Which is the street artists role in the world’s cities?

The street artist is a urban host and this concept is related his activity with puppeteers, musicians, actors and every creator that day to day in every city of the world try to make people’s life more happy or more conscious. The artist expands the subjective world of the man and this mission has to be seen as a privilege. When social classes disappear –I haven’t lost my hope in this- and the history of mankind won’t be more than the big scientific events there still is going to be artists criticizing, singing and making things. In the future, the scientifics are going to be the politicians and the national heroes will be the past artists.

What would you recommend to people who want to perform in street?

My first recommendation is getting really into it. This means putting some originality, love for working and using what you know with rhythm and intensity. When you start in this art of expressing things in street you always copy others that you already saw. There are always little fishes copying big artists, or being influenced for them. In Buenos Aires once I had the chance of talking with the Master Cavarozzi (Chacovachi) who told me a perfect summary about the street artist’s metier. A street artist has to work with four organs: the brain, the heart, the balls and the stomach. Beautiful.

What are you working in Mexico?

I’ve been working in Cancún for four years. I’m presenting a circus show in the Riviera Maya, the coast zone from Cancún to Playa del Carmen and Tulum. This is paradise, the sea mixes all kinds of blue that catch you and won’t let you go out. In the show I do a little bit of everything, a very simple diabolo routine and different participatory acts in a “Cirque Du Soleil” theme that turns my stomach a little.

It was easy, I do the same as always, but instead of a leather jacket I wear sequins. I work with people all over the world and this enriches my personal work. Additionally I also give comedy workshops.

I’m also preparing another show in Cancún with more humor and more music, but also more Argentinian and more street style. As if this weren’t too much I want to get back to Buenos Aires with a van and all my family inside, traveling from Mexico to Argentina crossing all over Latin America with my street show in 2011 and 2012. It has to work. I have faith in myself.

El Circense: the Online Circus Magazine

Dubé Juggling proud to announce our partnership with the circus magazine El Circense!

Based in Buenos Aires, El Circense is a digital monthly magazine that, since 2008, has been reporting on the world of circus arts. Though originally written in Spanish, articles from El Circense will be republished in English through the Dubé Juggling Blog.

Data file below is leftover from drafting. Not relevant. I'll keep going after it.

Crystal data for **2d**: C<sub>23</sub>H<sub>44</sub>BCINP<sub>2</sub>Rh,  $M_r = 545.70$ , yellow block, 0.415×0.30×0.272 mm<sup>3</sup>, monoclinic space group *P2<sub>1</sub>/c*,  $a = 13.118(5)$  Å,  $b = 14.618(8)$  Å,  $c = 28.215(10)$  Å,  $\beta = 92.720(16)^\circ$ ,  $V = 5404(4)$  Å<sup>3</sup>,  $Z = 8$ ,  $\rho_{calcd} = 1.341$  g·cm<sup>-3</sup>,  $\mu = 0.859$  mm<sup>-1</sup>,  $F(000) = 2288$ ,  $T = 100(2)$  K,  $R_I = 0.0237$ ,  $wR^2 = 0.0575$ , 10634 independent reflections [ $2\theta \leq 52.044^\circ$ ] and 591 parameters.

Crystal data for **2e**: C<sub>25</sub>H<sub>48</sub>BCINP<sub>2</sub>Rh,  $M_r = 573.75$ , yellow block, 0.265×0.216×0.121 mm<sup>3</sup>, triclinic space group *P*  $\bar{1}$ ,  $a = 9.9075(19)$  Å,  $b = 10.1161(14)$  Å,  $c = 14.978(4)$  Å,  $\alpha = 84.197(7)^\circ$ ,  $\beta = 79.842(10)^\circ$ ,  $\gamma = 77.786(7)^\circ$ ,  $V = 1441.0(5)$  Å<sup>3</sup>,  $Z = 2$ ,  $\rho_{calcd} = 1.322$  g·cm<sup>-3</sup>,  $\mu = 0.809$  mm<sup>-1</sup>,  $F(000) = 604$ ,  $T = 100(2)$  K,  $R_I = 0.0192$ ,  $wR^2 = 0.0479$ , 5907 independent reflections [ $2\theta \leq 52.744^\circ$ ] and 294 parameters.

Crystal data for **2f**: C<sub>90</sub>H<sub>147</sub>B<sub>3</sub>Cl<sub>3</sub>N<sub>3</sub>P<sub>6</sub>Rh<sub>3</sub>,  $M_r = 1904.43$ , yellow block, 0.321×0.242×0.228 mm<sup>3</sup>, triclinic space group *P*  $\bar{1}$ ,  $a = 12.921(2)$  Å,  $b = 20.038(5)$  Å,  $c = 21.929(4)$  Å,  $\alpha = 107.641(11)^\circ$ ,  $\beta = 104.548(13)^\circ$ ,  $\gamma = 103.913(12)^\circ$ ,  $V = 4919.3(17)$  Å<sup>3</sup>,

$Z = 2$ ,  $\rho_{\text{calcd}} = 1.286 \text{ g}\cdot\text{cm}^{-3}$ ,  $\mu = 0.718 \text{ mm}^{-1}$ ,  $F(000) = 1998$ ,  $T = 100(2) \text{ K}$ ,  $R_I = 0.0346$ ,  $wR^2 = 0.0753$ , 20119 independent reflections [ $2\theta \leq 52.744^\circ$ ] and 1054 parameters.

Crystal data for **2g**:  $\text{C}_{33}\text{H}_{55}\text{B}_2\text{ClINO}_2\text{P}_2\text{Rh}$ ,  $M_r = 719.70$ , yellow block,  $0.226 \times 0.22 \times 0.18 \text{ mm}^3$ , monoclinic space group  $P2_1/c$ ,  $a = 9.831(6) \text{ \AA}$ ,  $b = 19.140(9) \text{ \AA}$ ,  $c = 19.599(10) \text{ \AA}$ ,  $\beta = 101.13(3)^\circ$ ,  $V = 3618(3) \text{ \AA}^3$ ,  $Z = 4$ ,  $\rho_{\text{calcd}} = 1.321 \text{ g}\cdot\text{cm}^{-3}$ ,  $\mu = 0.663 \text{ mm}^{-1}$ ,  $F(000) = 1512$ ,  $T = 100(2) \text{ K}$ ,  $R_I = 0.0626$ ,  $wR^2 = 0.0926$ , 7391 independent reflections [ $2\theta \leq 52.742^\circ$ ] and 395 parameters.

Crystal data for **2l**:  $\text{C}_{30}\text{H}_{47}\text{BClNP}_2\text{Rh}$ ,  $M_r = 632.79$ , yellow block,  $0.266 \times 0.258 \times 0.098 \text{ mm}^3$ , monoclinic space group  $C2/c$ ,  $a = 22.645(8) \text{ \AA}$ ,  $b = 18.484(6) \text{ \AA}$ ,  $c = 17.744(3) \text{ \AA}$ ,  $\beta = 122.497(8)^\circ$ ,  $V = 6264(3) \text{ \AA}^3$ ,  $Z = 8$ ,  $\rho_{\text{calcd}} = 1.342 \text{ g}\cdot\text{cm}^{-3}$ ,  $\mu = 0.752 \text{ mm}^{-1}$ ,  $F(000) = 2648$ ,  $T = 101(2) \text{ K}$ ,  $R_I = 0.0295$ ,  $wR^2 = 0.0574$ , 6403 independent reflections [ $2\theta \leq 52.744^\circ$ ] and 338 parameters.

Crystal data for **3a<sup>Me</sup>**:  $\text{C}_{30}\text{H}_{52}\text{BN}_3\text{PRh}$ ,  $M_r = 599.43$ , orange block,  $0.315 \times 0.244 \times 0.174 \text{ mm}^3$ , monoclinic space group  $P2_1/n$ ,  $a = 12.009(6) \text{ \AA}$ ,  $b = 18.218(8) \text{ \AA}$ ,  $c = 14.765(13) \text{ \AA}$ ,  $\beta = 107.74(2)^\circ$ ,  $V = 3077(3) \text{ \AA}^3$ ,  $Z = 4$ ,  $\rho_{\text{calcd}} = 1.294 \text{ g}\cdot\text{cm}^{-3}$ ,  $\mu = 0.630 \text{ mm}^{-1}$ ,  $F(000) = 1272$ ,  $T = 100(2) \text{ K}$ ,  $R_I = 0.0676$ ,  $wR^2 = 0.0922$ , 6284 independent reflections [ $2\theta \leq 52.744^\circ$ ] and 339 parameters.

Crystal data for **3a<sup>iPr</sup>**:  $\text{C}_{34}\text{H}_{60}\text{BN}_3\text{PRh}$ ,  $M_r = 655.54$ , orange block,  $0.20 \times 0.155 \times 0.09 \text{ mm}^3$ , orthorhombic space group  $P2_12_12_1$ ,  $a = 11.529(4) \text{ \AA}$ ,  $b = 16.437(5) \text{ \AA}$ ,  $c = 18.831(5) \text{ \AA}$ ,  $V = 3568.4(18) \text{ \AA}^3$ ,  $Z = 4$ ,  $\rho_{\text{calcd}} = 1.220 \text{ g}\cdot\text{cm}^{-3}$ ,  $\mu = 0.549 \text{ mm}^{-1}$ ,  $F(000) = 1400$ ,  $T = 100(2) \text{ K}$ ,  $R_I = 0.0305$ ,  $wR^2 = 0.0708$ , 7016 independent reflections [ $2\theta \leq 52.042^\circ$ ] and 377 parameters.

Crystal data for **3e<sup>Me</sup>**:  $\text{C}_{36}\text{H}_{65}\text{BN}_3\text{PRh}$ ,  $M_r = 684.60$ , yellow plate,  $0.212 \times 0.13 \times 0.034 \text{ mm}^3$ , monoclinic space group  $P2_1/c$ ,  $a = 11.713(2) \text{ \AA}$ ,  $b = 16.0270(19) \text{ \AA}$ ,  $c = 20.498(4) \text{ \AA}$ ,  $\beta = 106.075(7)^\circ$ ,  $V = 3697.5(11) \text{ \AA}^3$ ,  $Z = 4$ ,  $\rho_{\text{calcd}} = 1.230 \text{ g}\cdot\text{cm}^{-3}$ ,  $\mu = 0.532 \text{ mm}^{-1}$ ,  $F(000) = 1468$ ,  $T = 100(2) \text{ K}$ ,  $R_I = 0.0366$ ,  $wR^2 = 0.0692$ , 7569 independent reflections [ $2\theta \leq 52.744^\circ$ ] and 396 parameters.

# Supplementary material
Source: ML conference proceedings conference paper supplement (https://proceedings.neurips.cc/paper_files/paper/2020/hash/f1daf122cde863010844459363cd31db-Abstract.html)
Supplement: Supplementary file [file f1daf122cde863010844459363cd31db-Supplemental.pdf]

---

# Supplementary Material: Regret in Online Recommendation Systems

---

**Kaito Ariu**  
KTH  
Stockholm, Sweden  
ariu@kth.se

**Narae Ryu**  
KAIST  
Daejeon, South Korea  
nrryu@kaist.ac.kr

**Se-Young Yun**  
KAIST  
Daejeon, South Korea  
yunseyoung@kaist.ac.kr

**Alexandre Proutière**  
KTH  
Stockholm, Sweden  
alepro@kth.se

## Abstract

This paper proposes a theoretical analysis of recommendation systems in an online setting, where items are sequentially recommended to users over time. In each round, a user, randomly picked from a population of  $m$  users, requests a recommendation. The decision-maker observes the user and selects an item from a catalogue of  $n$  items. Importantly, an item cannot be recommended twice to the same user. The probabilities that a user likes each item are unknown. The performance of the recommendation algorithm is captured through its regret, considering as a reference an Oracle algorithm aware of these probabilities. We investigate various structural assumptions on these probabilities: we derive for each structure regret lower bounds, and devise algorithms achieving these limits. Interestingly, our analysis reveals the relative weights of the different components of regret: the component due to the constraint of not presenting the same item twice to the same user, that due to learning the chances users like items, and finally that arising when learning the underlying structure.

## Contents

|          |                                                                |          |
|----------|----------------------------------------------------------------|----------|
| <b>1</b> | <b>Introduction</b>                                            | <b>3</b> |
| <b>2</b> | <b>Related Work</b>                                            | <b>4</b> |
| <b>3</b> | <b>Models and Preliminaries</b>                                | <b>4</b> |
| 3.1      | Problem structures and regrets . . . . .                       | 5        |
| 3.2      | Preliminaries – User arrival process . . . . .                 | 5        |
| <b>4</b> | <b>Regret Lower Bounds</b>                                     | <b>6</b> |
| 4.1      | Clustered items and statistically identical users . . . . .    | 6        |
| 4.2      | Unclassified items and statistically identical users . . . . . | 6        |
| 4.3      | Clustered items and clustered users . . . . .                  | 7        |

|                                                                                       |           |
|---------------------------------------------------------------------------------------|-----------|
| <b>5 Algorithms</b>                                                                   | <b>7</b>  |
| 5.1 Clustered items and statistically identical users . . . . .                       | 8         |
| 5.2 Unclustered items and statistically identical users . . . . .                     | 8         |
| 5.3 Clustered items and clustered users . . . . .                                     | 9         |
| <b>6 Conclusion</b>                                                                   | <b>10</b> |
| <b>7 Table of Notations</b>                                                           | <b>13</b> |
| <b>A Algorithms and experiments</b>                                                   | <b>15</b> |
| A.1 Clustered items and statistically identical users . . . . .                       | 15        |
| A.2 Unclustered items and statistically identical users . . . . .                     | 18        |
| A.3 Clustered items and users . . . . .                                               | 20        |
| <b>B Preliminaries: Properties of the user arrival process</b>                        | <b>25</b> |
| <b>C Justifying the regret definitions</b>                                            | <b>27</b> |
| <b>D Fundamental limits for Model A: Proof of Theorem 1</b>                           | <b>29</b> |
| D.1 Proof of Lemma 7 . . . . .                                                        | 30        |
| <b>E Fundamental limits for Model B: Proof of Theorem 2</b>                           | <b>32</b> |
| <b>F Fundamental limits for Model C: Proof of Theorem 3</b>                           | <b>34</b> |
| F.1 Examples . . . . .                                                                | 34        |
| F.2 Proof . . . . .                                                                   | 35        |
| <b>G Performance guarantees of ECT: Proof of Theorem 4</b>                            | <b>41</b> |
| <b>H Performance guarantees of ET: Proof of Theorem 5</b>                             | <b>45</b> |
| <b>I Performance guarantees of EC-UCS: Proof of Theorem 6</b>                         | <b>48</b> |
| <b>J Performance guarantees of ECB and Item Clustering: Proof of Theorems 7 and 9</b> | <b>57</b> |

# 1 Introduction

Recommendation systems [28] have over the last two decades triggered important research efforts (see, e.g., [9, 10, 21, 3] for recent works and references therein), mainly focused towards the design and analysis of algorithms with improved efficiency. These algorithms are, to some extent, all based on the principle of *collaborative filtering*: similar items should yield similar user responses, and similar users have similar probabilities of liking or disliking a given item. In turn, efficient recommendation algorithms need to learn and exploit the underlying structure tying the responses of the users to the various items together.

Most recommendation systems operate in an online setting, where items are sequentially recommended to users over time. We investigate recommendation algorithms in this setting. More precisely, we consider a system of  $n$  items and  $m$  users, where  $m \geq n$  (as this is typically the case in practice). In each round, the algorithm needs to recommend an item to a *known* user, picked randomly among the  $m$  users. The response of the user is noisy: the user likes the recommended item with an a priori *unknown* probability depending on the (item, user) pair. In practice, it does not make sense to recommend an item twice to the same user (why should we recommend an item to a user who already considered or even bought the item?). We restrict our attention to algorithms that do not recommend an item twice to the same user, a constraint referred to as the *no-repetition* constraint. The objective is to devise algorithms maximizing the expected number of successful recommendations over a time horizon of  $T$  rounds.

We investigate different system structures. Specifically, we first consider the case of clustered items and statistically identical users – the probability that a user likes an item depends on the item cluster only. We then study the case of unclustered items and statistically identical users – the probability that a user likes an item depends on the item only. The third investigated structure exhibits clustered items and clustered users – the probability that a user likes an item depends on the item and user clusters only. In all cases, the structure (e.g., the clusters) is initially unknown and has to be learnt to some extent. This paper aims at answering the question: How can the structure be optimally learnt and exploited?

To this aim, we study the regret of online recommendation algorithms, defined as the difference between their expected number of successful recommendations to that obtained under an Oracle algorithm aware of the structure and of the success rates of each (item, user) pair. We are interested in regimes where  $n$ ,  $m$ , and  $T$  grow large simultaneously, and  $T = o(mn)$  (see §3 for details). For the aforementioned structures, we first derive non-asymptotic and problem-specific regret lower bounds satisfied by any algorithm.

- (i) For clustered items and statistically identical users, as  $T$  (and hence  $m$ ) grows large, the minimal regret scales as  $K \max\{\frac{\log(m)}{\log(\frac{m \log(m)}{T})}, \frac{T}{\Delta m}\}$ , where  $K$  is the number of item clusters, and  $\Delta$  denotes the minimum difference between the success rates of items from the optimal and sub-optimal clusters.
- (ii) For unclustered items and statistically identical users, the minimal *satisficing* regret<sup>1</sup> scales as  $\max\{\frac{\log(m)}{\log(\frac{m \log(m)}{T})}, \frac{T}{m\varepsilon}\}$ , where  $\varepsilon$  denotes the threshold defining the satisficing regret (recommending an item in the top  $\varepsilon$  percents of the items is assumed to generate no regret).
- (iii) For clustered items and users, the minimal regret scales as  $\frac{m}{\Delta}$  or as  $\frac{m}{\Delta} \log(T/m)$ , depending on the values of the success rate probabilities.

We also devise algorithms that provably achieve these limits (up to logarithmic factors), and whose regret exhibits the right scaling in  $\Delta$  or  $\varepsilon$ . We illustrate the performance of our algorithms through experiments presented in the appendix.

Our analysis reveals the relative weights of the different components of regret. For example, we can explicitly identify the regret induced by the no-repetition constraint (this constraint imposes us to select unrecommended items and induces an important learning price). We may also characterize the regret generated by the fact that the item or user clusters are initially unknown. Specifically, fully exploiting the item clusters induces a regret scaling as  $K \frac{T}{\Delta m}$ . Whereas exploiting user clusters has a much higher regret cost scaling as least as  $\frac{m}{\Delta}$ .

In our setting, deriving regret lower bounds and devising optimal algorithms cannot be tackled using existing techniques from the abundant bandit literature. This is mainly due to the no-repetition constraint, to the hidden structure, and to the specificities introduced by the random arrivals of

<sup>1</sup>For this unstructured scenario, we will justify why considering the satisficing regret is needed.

by Naomi Donabedian

Wah! All this juggling is so stressful!

Stock art and photography are a good resource for displaying a recognizable idea, understood by all, young and old, beyond language barrier. Stock art colors the white space delivering a neutral message. The reasons stock art is good is also the same reason it’s bad. It’s a cliche and you’ve probably seen it over and over again. At its worst stock is a visual pun, or a dumbed-down illustration of an otherwise abstract idea. Juggling, sadly, has become the vehicle for stock art themes. Finance woes (juggling the books is Brian Dubé’s favorite cliche), busy at your job, busy at home, crazy for technology, health conscious, or just a disturbing juggling clown, there is juggling stock art to represent your concern. What burns me is the lack of proper juggling displayed in stock art. Juggling as a graphic is reduced into throwing balls thrown in a circle. A cascades look like juggling, and isn’t difficult to illustrate. Do non-jugglers really believe that throwing balls in a circle equals juggling? Lets view some examples:

This is not and CAN NOT be juggling

juggling success, get it?

Any successful broker understands this common juggling metaphor.

How the gods control Earth. This one actually know how to juggle.

How many men can you juggle? Again an accurate cascade.

Good thing moms know how to juggle.

Skinny ladies who eat all their vegetables know how to juggle too.

Does not represent juggling

Aww... somehow all is forgiven when its a cute animal juggling!!

Juggle This 2011

Plan to use your vacation (*cough*cough* and sick) days wisely traveling to juggling conventions.

In North America

Victoria Juggling Festival
February 18 – 20, 2011 at the University of Victoria, Canada.

Jugglefest XVIII
February 25 – 27, 2011, University of Texas, Austin.

Juggle This!
March 5 – 6, 2011, Pratt Institute, Brooklyn, NY.

Northwest Arkansas Juggling Festival
March 11 – 13, 2011, Northwest Arkansas at UA in Fayetteville.

19th Annual UW Juggling Festival
March 12 – 13, 2011, University of Waterloo, Canada.

Humboldt Juggling Festival
March 17 – 20, 2011, Humboldt State University, Arcata, CA.

34th RIT Spring Juggle-In
April 1 – 3, 2011, RIT in Rochester, NY.

April 1 – 3, 2011, Concordia University, Ganglehoff Center, St. Paul, MN.

Tucson Juggling Festival
April 8 – 10, 2011, Catalina State Park.

April Fools Juggling Festival
April 8 – 10, 2011, Miccosukee Land Co-op.

Santa Cruz Juggling Festival
May 6 – 8, 2011, UCSC, Santa Cruz, CA.

Congress of Jugglers 2011
May 6 – 8, 2011, University of Maryland, College Park.

2011 Flatland Juggling Festival
May 13 – 15, 2011, Bison Sports Center, Lincoln, NE.

2011 Ann Arbor Juggling Arts Festival
May 14, 2011, Ann Arbor, MI, United States.

Light & Motion
June 4 – 5, 2011, 1401 10th Ave. S.E. Calgary, AB, Canada.

Boulder Juggling Festival
June 17th, 2011, Boulder Circus Center, Boulder, Colorado. Event on Facebook.

Spin Out
June 17 – 19, 2011, Camp Maskepetoon, Alberta, Canada.

2nd Annual MadSkillz Vancouver 2011 Flow, Juggle, Spin